which had 2,599 student visits during the spring 2011 semester, now requires a 10-hour training program as a condition of employment. Student tutors who complete the training become CRLA Level 1 Certified Tutors, a distinction they may include on their resumes when applying to graduate schools or jobs. “The tutors that we hire and train learn to interact with students in a way that supports the learning process and upholds the highest level of academic integrity,” Hanowell said. ACE Tutoring will be moving into a new Learning Studio in the newly renovated William Johnston Building near FSU’s Landis Green. The ground floor, dubbed Johnston Ground, will also house academic advising and success coaching offices. With its 13,000 square feet of learning space and state-of-the-art computer technology, the new space will be a step up for Avey, who is used to working with students in a fairly limited area. “It’s going to be all about collaborative, peer-to-peer learning,” said Hanowell, who is increasing his roster of student tutors to at least 30, with academic expertise in a wide variety of disciplines. FSU’s first-year retention rate for full-time students is an impressive 91 percent, according to the National Center for Educational Statistics. For students who seek out academic help, Hanowell said, the difference between staying in school and dropping out may have everything to do with tutor training. “It is not just about students finding tutoring,” he said, “but finding tutors who are trained to provide the kind of help students need — tutors who can do the job well.”
A group of 12 historically black colleges and universities has launched a campaign to raise $12 million to help rebuild the Université d’Etat d’Haïti (State University of Haiti), which was severely damaged by an earthquake in January 2010. The money will be used to construct a classroom building where students can participate in distance education programs taught by faculty at the HBCUs. Some of the money will be used to hire faculty to replace professors who were killed in the earthquake and the consortium hopes to provide scholarships to about 1,000 Haitian students. The fundraising effort is being coordinated by Frederick Humphries, former The tutoring program, which had 2,599 students visit president and now regent produring the Spring 2011 semester, requires a 10-hour fessor at Florida A&M Unitraining program as a condition of employment.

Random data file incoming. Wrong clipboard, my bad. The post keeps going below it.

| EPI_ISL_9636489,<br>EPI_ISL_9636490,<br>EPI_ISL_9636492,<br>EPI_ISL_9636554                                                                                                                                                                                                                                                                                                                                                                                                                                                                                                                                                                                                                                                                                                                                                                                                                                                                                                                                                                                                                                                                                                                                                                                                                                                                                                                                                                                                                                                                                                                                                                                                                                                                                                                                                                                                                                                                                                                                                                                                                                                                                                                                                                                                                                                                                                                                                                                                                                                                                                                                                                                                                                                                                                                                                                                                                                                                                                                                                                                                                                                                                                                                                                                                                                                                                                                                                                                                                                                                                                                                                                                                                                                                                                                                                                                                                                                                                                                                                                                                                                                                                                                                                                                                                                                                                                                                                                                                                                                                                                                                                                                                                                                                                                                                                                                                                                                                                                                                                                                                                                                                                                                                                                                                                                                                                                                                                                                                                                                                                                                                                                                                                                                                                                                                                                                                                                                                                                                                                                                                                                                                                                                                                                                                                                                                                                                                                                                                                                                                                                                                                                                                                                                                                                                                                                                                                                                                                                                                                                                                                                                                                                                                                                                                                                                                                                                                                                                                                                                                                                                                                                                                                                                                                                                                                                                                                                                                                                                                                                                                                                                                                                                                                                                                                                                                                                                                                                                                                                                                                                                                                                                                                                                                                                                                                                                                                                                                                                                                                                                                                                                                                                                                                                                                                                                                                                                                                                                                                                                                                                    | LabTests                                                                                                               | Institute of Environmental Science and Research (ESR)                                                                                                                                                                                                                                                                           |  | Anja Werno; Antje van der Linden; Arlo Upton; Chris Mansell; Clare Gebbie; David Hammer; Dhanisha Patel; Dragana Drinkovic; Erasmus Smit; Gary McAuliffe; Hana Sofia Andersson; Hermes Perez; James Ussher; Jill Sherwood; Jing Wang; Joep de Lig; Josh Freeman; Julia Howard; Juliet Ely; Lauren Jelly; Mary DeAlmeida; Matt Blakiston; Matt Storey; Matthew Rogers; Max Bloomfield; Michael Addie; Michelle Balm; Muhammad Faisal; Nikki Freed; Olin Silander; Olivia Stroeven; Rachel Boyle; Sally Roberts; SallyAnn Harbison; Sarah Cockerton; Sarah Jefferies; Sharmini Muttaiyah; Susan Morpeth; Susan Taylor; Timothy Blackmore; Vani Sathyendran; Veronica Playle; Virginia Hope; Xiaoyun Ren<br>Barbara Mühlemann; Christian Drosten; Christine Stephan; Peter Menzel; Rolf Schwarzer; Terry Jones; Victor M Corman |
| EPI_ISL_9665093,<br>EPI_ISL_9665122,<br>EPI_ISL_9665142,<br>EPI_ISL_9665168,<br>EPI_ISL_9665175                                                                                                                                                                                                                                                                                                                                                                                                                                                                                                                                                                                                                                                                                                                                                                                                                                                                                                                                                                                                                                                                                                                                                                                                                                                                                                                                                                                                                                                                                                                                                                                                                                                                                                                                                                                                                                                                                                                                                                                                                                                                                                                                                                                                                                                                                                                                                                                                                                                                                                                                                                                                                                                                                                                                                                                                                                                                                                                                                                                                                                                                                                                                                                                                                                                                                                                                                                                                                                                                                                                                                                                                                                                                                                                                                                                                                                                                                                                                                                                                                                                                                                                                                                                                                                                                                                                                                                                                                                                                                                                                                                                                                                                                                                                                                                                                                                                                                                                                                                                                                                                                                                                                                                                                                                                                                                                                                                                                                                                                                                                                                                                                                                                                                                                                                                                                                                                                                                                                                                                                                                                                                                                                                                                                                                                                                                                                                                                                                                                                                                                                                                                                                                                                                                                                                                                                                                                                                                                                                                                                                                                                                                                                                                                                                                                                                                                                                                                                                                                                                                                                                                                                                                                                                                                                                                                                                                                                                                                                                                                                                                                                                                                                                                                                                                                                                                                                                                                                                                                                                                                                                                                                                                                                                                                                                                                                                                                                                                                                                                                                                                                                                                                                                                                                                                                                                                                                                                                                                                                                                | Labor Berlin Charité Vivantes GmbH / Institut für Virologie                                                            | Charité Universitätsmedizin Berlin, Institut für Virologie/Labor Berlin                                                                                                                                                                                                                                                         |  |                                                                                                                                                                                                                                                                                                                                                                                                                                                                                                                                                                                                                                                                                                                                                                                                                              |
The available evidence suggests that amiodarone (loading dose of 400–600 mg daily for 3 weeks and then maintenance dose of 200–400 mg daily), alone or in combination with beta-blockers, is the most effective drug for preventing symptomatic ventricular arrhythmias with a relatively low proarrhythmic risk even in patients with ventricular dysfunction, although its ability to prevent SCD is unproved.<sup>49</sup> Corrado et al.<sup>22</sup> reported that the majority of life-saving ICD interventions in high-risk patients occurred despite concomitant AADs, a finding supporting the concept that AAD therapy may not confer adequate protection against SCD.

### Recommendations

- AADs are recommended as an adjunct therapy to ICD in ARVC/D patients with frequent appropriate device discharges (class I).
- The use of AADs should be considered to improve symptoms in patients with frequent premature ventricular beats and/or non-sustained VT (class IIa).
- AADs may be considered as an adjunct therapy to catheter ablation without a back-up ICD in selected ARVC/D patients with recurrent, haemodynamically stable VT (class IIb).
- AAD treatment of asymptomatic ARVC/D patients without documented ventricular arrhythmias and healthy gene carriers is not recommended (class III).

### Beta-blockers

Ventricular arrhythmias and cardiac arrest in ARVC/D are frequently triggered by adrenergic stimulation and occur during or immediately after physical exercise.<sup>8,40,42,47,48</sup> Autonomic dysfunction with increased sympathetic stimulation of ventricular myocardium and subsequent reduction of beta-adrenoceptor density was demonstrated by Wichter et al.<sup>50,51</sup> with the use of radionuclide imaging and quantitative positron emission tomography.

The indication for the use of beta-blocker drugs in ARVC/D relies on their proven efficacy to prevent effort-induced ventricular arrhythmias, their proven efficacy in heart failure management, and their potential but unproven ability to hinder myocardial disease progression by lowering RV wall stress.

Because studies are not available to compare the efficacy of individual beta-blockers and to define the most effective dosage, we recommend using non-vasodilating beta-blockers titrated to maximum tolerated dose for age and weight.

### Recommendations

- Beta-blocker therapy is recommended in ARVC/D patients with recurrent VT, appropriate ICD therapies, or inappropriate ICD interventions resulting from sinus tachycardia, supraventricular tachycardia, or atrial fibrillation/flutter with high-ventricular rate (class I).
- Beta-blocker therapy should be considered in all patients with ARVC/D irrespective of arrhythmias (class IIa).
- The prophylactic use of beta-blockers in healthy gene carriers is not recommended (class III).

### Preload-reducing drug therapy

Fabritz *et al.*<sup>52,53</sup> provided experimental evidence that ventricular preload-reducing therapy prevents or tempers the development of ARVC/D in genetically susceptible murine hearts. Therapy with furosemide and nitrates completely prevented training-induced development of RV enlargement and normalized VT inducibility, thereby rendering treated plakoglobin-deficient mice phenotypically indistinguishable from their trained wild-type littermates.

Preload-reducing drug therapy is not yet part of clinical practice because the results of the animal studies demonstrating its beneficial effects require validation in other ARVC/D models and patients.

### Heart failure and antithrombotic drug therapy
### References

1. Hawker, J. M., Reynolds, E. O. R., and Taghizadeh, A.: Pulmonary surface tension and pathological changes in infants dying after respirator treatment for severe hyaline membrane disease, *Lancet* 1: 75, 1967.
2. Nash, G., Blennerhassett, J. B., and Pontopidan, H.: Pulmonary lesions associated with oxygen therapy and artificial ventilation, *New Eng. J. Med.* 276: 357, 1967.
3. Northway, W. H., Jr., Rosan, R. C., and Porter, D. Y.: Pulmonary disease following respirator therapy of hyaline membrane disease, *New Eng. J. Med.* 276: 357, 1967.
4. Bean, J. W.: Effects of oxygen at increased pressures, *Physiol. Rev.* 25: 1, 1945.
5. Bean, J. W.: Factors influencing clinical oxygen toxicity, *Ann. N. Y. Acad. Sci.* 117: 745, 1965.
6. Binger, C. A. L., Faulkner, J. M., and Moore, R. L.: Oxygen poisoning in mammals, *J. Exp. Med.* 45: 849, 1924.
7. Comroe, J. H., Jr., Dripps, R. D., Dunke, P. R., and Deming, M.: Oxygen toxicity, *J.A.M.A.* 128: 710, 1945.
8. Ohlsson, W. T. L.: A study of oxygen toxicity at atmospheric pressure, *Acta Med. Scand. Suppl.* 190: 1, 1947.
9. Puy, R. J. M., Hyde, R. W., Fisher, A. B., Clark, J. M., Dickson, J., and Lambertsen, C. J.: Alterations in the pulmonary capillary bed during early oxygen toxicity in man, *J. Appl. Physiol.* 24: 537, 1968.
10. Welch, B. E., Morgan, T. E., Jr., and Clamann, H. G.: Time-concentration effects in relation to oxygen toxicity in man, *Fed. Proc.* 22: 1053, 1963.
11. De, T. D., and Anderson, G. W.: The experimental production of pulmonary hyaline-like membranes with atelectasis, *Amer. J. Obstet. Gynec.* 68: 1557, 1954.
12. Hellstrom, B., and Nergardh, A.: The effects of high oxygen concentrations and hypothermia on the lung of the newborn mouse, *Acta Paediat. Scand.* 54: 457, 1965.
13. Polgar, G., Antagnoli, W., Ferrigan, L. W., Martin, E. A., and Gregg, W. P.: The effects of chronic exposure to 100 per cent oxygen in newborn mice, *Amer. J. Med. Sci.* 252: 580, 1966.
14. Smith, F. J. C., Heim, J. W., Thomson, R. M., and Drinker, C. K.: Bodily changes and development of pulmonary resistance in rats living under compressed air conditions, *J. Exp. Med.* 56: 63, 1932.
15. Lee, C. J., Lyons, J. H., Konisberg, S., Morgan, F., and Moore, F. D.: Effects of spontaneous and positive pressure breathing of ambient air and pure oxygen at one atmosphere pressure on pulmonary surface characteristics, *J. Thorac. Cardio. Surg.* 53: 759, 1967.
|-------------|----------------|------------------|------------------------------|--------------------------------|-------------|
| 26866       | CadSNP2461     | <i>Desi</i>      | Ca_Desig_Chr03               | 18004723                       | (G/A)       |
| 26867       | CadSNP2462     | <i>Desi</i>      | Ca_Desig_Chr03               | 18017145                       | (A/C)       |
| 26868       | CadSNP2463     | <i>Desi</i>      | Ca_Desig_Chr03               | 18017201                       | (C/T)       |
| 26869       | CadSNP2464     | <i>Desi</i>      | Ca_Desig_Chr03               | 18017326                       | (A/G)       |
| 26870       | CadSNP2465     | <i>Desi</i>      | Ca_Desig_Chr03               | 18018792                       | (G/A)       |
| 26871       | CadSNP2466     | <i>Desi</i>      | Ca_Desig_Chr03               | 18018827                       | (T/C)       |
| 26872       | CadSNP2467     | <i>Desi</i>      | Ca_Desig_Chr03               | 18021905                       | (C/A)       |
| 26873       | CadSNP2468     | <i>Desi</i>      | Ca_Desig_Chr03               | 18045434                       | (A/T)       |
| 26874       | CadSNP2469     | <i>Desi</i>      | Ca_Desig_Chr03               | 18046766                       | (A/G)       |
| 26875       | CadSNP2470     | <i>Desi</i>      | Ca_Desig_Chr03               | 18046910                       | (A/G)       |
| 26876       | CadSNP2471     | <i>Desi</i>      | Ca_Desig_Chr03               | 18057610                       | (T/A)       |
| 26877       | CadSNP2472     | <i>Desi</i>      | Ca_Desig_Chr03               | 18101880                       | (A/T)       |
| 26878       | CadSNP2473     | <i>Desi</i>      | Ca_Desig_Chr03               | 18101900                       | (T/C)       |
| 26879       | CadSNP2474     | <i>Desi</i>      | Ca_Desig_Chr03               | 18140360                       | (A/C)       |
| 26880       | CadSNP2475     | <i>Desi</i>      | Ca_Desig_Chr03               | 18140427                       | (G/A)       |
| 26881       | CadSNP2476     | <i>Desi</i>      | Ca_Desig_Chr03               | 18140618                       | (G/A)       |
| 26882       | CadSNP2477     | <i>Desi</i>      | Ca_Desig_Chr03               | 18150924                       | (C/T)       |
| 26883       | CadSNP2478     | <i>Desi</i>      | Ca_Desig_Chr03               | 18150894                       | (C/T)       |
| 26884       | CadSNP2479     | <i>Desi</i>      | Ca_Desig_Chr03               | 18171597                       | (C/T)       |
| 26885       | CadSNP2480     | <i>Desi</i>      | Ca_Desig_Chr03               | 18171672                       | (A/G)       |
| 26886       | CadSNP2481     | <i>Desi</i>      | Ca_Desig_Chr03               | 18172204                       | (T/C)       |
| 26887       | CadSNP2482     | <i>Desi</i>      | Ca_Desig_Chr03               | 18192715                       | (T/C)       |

Frederick Humphries, Ph.D. versity. In addition to FAMU, the participating HBCUs are South Carolina State University, Morgan State University, Howard University, Miles College, and the University of Arkansas at Pine Bluff. Additional members of the consortium are Central State University (Ohio), Virginia State University, North Carolina A&T State University, Fort Valley State University (Georgia), Tennessee State University and Jackson State University (Mississippi).
Bethel Missionary Baptist Church
Africare Archives B.E.S.T. (Bethel’s Education Support Team) Bethel Christian Academy Bethel Empowerment Foundation (Steele-Collins Charter Middle School) Bethel Family Counseling Center Bethel Towers Carolina Oaks Housing Development (First Time Home Buyers) Children and Youth Liturgical Dance/Mime Ministry Choirs o Collegiate and Young Adult Choir o Inspirational Choir o Men’s Choir o Children’s Choir o Youth Choir o Steele-Lightsey Choir Culinary Deaconess Deacons Haiti Health Care Homeless Married Couples Media Men’s Ministry Military Pastoral Leadership Support Team Prayer & Evangelism Project Create Promise Retirement Singles and Single Parents Stewardship Substance Abuse Sunday School Transportation Ushers Women Young Adult Ministry Young Mothers Mentoring Youth and Children’s Ministry Youth Musical Orchestra
Reverend Dr. R. B. Holmes, Jr., Pastor
Saturday, September 10, 2011 10:00 AM – 2:00 PM
Fellowship…Refreshments…Enlightenment All members of Bethel (New Members, College Students, Young Adults, Adults, Children, Parents, Grandparents, EVERYONE) are invited to come and learn more about the mission and ministries of the Bethel Missionary Baptist Church. Come and learn how you can share your spiritual gifts to glorify the body of Christ. “Let your light so shine before men, that they may see your good works, and glorify your Father which is in heaven.” St. Matthew 5:16 There are different kinds of gifts, but the same Spirit distributes them. There are different kinds of service, but the same Lord. There are different kinds of working, but in all of them and in everyone it is the same God at work. 1 Corinthians 12:4-6
Gymnasium – Bethel Family Life Center 406 N. Bronough Street
Opinion All God’s Children
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By Dr. Gail C. Christopher, DN,
Special to the NNPA from America’s Wire